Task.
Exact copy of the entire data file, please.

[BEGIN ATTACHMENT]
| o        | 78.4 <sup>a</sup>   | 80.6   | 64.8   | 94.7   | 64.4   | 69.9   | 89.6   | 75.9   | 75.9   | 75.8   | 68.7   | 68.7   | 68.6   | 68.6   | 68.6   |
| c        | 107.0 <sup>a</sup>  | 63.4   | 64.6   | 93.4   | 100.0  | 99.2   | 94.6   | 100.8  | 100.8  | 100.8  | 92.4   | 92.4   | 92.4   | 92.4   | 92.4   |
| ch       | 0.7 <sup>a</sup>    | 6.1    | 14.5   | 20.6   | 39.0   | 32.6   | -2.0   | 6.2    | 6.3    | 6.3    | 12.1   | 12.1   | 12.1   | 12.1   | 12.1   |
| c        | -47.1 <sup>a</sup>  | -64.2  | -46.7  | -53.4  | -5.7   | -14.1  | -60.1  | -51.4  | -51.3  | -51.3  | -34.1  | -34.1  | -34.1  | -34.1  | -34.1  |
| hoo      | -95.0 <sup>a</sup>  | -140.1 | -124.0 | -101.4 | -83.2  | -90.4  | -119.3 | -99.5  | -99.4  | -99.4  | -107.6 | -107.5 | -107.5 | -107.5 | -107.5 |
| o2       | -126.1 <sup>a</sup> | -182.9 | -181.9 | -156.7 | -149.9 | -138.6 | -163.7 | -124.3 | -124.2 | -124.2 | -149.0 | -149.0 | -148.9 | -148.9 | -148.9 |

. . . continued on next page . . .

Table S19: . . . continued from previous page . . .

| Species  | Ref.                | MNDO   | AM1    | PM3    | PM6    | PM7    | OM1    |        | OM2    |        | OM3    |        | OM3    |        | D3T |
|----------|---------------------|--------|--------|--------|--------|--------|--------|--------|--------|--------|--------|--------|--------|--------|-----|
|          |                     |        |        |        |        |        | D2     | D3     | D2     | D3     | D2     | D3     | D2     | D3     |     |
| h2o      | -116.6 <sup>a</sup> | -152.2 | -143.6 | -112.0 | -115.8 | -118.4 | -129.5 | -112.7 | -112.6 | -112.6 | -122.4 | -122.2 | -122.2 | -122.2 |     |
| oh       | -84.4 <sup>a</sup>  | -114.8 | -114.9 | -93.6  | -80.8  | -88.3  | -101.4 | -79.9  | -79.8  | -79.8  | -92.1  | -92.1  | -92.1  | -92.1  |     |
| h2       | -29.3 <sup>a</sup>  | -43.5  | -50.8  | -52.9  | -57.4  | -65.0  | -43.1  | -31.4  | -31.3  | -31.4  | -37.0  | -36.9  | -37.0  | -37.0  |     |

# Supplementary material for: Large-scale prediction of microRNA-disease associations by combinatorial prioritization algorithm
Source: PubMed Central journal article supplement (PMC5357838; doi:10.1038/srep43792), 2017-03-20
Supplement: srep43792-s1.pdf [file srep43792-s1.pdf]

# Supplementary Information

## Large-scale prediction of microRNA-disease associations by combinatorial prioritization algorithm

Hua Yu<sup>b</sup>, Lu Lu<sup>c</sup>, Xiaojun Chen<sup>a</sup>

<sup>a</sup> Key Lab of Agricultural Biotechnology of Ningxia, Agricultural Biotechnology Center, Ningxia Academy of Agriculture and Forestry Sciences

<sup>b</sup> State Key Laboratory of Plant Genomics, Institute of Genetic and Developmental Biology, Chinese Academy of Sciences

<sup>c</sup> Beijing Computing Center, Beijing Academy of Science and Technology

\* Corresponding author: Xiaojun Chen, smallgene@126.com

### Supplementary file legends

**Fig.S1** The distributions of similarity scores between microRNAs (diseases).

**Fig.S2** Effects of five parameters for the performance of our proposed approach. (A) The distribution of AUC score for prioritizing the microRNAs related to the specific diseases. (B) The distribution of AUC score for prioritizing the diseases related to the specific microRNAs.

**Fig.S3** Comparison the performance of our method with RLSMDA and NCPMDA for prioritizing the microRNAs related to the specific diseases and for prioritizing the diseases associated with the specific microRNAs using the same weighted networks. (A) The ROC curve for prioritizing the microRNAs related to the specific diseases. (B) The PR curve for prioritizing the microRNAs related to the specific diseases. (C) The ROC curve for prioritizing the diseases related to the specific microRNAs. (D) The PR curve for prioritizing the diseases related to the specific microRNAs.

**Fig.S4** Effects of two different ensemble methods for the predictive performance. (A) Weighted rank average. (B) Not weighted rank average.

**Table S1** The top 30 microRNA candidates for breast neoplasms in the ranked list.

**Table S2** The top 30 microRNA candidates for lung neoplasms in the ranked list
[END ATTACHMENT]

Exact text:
| o        | 78.4 <sup>a</sup>   | 80.6   | 64.8   | 94.7   | 64.4   | 69.9   | 89.6   | 75.9   | 75.9   | 75.8   | 68.7   | 68.7   | 68.6   | 68.6   | 68.6   |
| c        | 107.0 <sup>a</sup>  | 63.4   | 64.6   | 93.4   | 100.0  | 99.2   | 94.6   | 100.8  | 100.8  | 100.8  | 92.4   | 92.4   | 92.4   | 92.4   | 92.4   |
| ch       | 0.7 <sup>a</sup>    | 6.1    | 14.5   | 20.6   | 39.0   | 32.6   | -2.0   | 6.2    | 6.3    | 6.3    | 12.1   | 12.1   | 12.1   | 12.1   | 12.1   |
| c        | -47.1 <sup>a</sup>  | -64.2  | -46.7  | -53.4  | -5.7   | -14.1  | -60.1  | -51.4  | -51.3  | -51.3  | -34.1  | -34.1  | -34.1  | -34.1  | -34.1  |
| hoo      | -95.0 <sup>a</sup>  | -140.1 | -124.0 | -101.4 | -83.2  | -90.4  | -119.3 | -99.5  | -99.4  | -99.4  | -107.6 | -107.5 | -107.5 | -107.5 | -107.5 |
| o2       | -126.1 <sup>a</sup> | -182.9 | -181.9 | -156.7 | -149.9 | -138.6 | -163.7 | -124.3 | -124.2 | -124.2 | -149.0 | -149.0 | -148.9 | -148.9 | -148.9 |

. . . continued on next page . . .

Table S19: . . . continued from previous page . . .

| Species  | Ref.                | MNDO   | AM1    | PM3    | PM6    | PM7    | OM1    |        | OM2    |        | OM3    |        | OM3    |        | D3T |
|----------|---------------------|--------|--------|--------|--------|--------|--------|--------|--------|--------|--------|--------|--------|--------|-----|
|          |                     |        |        |        |        |        | D2     | D3     | D2     | D3     | D2     | D3     | D2     | D3     |     |
| h2o      | -116.6 <sup>a</sup> | -152.2 | -143.6 | -112.0 | -115.8 | -118.4 | -129.5 | -112.7 | -112.6 | -112.6 | -122.4 | -122.2 | -122.2 | -122.2 |     |
| oh       | -84.4 <sup>a</sup>  | -114.8 | -114.9 | -93.6  | -80.8  | -88.3  | -101.4 | -79.9  | -79.8  | -79.8  | -92.1  | -92.1  | -92.1  | -92.1  |     |
| h2       | -29.3 <sup>a</sup>  | -43.5  | -50.8  | -52.9  | -57.4  | -65.0  | -43.1  | -31.4  | -31.3  | -31.4  | -37.0  | -36.9  | -37.0  | -37.0  |     |

# Supplementary material for: Large-scale prediction of microRNA-disease associations by combinatorial prioritization algorithm
Source: PubMed Central journal article supplement (PMC5357838; doi:10.1038/srep43792), 2017-03-20
Supplement: srep43792-s1.pdf [file srep43792-s1.pdf]

# Supplementary Information

## Large-scale prediction of microRNA-disease associations by combinatorial prioritization algorithm

Hua Yu<sup>b</sup>, Lu Lu<sup>c</sup>, Xiaojun Chen<sup>a</sup>

<sup>a</sup> Key Lab of Agricultural Biotechnology of Ningxia, Agricultural Biotechnology Center, Ningxia Academy of Agriculture and Forestry Sciences

<sup>b</sup> State Key Laboratory of Plant Genomics, Institute of Genetic and Developmental Biology, Chinese Academy of Sciences

<sup>c</sup> Beijing Computing Center, Beijing Academy of Science and Technology

\* Corresponding author: Xiaojun Chen, smallgene@126.com

### Supplementary file legends

**Fig.S1** The distributions of similarity scores between microRNAs (diseases).

**Fig.S2** Effects of five parameters for the performance of our proposed approach. (A) The distribution of AUC score for prioritizing the microRNAs related to the specific diseases. (B) The distribution of AUC score for prioritizing the diseases related to the specific microRNAs.

**Fig.S3** Comparison the performance of our method with RLSMDA and NCPMDA for prioritizing the microRNAs related to the specific diseases and for prioritizing the diseases associated with the specific microRNAs using the same weighted networks. (A) The ROC curve for prioritizing the microRNAs related to the specific diseases. (B) The PR curve for prioritizing the microRNAs related to the specific diseases. (C) The ROC curve for prioritizing the diseases related to the specific microRNAs. (D) The PR curve for prioritizing the diseases related to the specific microRNAs.

**Fig.S4** Effects of two different ensemble methods for the predictive performance. (A) Weighted rank average. (B) Not weighted rank average.

**Table S1** The top 30 microRNA candidates for breast neoplasms in the ranked list.

**Table S2** The top 30 microRNA candidates for lung neoplasms in the ranked list